A race against time

Fenata has warned that the new regulations could affect 60 000 air passengers who make use of private airstrips.

28 February 2019 | Tourism

Owners and operators of private airstrips are racing against time to ensure that their facilities comply with new civil aviation regulations that will bar commercial aircraft from landing at unlicensed airfields.

The regulations, which will become effective on 1 January 2020, are expected to affect 100 airfields. The regulations were supposed to be enforced from 1 January 2019 but the deadline was extended.

The Federation of Namibian Tourism Associations (Fenata) says it is necessary to allow commercial aircraft to land at private airfields.

Fenata had warned last year that the new regulations could affect 60 000 air passengers who make use of private airstrips.

According to the association, flights with light aircraft have become an increasingly important mode of transport for the tourism industry. Its chairman, Bernd Schneider, voiced concern that despite the extension of the deadline, it would still be difficult to comply with the new regulations.

“The process of licensing and registration is quite cumbersome and detailed and usually takes a few months. So even with the new date of implementation, we believe we are heading into some difficulties at the end of this year, as it seems to be virtually impossible to get all private airfields licensed and registered by the time the regulations come into effect on 1 January 2020,” said Schneider. Schneider had said in the past that these regulations would force most light-aircraft operators out of business, resulting in substantial job losses.

He also said that fly-in safaris formed a vital part of the Namibian tourism industry. Schneider pointed out that many lodges, especially those in remote areas, relied heavily on private landing strips to bring in customers.

According to him, the tourism industry had not been consulted. “We could have avoided the near-crisis situation at the end of last year due to the published regulations.”

Schneider added that despite problems being experienced in complying, the tourism industry was in full support of the new regulations.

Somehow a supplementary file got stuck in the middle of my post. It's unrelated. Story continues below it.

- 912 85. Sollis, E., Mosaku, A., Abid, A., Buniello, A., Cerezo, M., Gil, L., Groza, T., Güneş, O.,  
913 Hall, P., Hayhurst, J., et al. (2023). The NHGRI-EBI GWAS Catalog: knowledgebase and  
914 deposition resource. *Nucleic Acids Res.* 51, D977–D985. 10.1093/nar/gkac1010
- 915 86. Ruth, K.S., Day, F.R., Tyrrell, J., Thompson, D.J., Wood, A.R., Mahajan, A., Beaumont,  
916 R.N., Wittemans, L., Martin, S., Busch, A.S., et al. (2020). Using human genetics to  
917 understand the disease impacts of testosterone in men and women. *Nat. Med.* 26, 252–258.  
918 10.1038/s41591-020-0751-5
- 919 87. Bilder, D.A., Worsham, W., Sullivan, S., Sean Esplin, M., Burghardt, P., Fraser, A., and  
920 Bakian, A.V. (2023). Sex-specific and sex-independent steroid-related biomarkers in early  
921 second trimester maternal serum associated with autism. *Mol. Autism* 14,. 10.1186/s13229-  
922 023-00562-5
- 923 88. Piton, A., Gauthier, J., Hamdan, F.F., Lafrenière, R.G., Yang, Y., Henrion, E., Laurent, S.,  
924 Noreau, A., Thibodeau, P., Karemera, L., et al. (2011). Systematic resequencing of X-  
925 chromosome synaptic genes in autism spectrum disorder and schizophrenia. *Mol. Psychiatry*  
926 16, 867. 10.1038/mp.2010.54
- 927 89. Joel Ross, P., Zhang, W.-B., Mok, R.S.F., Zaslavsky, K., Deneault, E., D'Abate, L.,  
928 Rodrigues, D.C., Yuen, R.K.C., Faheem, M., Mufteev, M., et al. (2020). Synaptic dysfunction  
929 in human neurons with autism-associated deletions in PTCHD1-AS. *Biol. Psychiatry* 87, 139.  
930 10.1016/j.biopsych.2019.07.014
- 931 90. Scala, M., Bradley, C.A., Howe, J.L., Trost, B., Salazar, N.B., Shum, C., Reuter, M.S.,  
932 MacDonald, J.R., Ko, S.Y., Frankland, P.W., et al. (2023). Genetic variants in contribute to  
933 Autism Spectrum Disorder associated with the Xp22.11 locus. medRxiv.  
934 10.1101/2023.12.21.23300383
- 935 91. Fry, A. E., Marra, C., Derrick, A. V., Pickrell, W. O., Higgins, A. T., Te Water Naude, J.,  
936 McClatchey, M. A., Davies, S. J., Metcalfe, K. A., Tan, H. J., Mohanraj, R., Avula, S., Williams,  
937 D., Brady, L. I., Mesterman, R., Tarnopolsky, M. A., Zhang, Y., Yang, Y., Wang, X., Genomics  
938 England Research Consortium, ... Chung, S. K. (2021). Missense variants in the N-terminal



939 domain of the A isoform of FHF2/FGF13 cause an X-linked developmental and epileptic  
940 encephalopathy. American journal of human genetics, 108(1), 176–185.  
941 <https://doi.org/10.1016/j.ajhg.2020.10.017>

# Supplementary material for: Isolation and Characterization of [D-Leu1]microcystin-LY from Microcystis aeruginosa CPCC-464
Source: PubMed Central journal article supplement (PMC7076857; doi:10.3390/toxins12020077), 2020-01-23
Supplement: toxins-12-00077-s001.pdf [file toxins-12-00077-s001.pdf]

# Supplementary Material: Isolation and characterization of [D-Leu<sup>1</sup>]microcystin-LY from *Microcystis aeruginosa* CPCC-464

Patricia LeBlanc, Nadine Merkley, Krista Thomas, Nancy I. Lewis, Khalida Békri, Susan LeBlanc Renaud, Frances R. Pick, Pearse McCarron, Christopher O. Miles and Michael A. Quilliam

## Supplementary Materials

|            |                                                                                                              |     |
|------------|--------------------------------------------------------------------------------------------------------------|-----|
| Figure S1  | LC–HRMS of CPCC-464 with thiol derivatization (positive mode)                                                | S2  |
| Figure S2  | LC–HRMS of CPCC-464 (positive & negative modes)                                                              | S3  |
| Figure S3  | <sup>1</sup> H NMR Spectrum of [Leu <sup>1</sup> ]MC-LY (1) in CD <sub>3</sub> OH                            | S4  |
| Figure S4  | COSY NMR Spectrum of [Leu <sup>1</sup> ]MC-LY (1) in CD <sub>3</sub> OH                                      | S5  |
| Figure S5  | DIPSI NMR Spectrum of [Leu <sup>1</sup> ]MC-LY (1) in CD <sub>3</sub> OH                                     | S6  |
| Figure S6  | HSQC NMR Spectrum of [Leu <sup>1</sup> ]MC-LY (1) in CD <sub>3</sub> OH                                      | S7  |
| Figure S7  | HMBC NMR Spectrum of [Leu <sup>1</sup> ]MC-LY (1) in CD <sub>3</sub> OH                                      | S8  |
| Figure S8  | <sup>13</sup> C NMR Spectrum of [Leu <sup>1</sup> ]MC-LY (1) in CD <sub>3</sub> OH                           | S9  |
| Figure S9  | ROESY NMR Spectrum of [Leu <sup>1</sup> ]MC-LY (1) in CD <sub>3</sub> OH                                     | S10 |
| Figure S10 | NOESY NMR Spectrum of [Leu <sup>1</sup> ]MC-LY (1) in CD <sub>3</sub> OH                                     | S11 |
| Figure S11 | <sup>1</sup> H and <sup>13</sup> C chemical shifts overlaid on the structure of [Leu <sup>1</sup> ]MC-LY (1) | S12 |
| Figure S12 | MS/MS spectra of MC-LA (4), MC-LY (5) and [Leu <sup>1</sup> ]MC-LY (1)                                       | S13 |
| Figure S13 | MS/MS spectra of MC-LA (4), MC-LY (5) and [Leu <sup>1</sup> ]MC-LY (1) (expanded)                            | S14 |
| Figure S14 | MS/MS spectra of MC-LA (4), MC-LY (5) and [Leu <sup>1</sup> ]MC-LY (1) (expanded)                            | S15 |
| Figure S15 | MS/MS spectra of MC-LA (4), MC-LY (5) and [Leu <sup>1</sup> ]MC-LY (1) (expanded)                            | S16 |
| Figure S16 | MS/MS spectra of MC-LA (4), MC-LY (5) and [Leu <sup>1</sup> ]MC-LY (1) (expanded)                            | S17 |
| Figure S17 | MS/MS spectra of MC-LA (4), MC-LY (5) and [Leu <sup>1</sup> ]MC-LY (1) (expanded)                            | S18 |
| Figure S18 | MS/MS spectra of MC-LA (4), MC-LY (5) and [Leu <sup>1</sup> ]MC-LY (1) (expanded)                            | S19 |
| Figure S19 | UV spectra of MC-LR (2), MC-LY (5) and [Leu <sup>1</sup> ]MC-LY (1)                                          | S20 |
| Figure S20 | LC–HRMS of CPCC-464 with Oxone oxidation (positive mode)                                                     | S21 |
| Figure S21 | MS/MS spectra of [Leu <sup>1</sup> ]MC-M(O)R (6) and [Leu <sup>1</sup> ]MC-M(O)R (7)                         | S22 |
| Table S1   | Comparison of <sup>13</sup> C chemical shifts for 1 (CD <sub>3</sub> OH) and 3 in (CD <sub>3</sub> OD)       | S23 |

“In general, I fully support a safer aviation environment in Namibia. I also fully support that there needs to be some form of registration. As such, we do not have a major concern with the actual regulations. The major concern that we did have last year was the implementation date,” he said.

The Namibia Civil Aviation Authority (NCAA) is not budging on the implementation of the new regulations. The acting executive director of civil aviation, Gordon Elliott, explained that the regulations were required to ensure a safer operating environment.

“The Civil Aviation Act of 2016 requires participants in the Namibian civil aviation system to hold aviation documents such as licences, certificates, approvals or permits to ensure that the airstrips and aerodromes under the jurisdiction of Namibia offer a safe operational environment in in line with Article 37 of the Chicago Convention on Civil Aviation, to which Namibia is signatory,” said Elliott.

“At minimum, commercial operators together with airstrip owners should conduct an aeronautical study, risk assessment and safety assessment to identify potential risks... and mitigation measures should be put in place to ensure a safe operational environment,” he added.

The president of the Aircraft Owners and Pilots Association of Namibia, Hans Wiehahn, did not want to comment on the matter.

“We are presently in the process of consulting with the NCAA about the new regulations. As such, we prefer to refrain from public comment until matters have been resolved one way or the other,” he said.

“At this stage it would be unwise for us to jeopardise this process in any manner, as matters are at a sensitive stage,” Wiehahn added.



OGONE TLHAGE

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